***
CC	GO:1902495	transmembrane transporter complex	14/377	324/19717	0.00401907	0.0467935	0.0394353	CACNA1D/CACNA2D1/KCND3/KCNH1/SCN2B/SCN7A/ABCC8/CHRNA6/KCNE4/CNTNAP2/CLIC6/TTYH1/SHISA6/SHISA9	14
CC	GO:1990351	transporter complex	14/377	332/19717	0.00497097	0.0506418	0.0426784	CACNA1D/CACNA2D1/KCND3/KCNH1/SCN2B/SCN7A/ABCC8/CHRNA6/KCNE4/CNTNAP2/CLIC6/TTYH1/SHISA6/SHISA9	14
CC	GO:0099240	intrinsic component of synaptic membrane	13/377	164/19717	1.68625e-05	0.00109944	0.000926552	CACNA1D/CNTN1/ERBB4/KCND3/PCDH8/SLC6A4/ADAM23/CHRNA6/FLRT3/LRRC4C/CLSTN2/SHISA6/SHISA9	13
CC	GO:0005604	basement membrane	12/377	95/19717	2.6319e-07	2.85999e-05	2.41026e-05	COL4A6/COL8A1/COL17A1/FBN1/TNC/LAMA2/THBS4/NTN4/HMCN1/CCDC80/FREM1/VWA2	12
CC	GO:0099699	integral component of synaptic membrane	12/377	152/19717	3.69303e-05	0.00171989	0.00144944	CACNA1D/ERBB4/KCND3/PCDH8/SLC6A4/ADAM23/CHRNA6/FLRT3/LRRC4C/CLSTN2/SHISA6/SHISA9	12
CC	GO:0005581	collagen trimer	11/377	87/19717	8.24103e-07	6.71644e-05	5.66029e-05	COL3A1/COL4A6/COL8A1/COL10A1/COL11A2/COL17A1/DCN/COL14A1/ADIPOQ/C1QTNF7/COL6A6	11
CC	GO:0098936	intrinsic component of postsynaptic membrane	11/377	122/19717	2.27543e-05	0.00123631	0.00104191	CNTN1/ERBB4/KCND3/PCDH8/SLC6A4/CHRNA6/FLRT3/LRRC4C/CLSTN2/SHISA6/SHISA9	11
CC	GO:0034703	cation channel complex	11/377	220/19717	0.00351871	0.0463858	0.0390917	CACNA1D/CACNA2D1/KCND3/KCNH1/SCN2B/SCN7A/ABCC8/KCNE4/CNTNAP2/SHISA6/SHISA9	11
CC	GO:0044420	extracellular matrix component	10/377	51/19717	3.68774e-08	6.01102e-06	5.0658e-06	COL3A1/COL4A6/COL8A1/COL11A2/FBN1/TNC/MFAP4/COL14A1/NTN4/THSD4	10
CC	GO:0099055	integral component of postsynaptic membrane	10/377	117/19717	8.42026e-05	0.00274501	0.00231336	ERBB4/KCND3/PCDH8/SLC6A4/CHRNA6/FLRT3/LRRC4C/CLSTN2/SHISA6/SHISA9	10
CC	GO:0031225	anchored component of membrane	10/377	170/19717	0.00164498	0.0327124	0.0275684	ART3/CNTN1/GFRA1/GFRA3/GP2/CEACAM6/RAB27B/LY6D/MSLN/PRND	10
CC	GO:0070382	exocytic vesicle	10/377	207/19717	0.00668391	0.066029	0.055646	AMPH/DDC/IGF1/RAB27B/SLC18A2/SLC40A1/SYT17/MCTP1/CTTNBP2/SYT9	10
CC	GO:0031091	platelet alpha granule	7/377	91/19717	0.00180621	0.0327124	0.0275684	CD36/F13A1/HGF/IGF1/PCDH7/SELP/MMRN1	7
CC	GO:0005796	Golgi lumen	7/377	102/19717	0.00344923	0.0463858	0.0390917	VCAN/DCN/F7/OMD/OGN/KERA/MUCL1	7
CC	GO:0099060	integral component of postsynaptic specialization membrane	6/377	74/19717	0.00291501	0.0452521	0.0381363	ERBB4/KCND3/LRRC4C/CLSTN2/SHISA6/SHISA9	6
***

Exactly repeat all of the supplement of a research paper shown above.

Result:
CC	GO:1902495	transmembrane transporter complex	14/377	324/19717	0.00401907	0.0467935	0.0394353	CACNA1D/CACNA2D1/KCND3/KCNH1/SCN2B/SCN7A/ABCC8/CHRNA6/KCNE4/CNTNAP2/CLIC6/TTYH1/SHISA6/SHISA9	14
CC	GO:1990351	transporter complex	14/377	332/19717	0.00497097	0.0506418	0.0426784	CACNA1D/CACNA2D1/KCND3/KCNH1/SCN2B/SCN7A/ABCC8/CHRNA6/KCNE4/CNTNAP2/CLIC6/TTYH1/SHISA6/SHISA9	14
CC	GO:0099240	intrinsic component of synaptic membrane	13/377	164/19717	1.68625e-05	0.00109944	0.000926552	CACNA1D/CNTN1/ERBB4/KCND3/PCDH8/SLC6A4/ADAM23/CHRNA6/FLRT3/LRRC4C/CLSTN2/SHISA6/SHISA9	13
CC	GO:0005604	basement membrane	12/377	95/19717	2.6319e-07	2.85999e-05	2.41026e-05	COL4A6/COL8A1/COL17A1/FBN1/TNC/LAMA2/THBS4/NTN4/HMCN1/CCDC80/FREM1/VWA2	12
CC	GO:0099699	integral component of synaptic membrane	12/377	152/19717	3.69303e-05	0.00171989	0.00144944	CACNA1D/ERBB4/KCND3/PCDH8/SLC6A4/ADAM23/CHRNA6/FLRT3/LRRC4C/CLSTN2/SHISA6/SHISA9	12
CC	GO:0005581	collagen trimer	11/377	87/19717	8.24103e-07	6.71644e-05	5.66029e-05	COL3A1/COL4A6/COL8A1/COL10A1/COL11A2/COL17A1/DCN/COL14A1/ADIPOQ/C1QTNF7/COL6A6	11
CC	GO:0098936	intrinsic component of postsynaptic membrane	11/377	122/19717	2.27543e-05	0.00123631	0.00104191	CNTN1/ERBB4/KCND3/PCDH8/SLC6A4/CHRNA6/FLRT3/LRRC4C/CLSTN2/SHISA6/SHISA9	11
CC	GO:0034703	cation channel complex	11/377	220/19717	0.00351871	0.0463858	0.0390917	CACNA1D/CACNA2D1/KCND3/KCNH1/SCN2B/SCN7A/ABCC8/KCNE4/CNTNAP2/SHISA6/SHISA9	11
CC	GO:0044420	extracellular matrix component	10/377	51/19717	3.68774e-08	6.01102e-06	5.0658e-06	COL3A1/COL4A6/COL8A1/COL11A2/FBN1/TNC/MFAP4/COL14A1/NTN4/THSD4	10
CC	GO:0099055	integral component of postsynaptic membrane	10/377	117/19717	8.42026e-05	0.00274501	0.00231336	ERBB4/KCND3/PCDH8/SLC6A4/CHRNA6/FLRT3/LRRC4C/CLSTN2/SHISA6/SHISA9	10
CC	GO:0031225	anchored component of membrane	10/377	170/19717	0.00164498	0.0327124	0.0275684	ART3/CNTN1/GFRA1/GFRA3/GP2/CEACAM6/RAB27B/LY6D/MSLN/PRND	10
CC	GO:0070382	exocytic vesicle	10/377	207/19717	0.00668391	0.066029	0.055646	AMPH/DDC/IGF1/RAB27B/SLC18A2/SLC40A1/SYT17/MCTP1/CTTNBP2/SYT9	10
CC	GO:0031091	platelet alpha granule	7/377	91/19717	0.00180621	0.0327124	0.0275684	CD36/F13A1/HGF/IGF1/PCDH7/SELP/MMRN1	7
CC	GO:0005796	Golgi lumen	7/377	102/19717	0.00344923	0.0463858	0.0390917	VCAN/DCN/F7/OMD/OGN/KERA/MUCL1	7
CC	GO:0099060	integral component of postsynaptic specialization membrane	6/377	74/19717	0.00291501	0.0452521	0.0381363	ERBB4/KCND3/LRRC4C/CLSTN2/SHISA6/SHISA9	6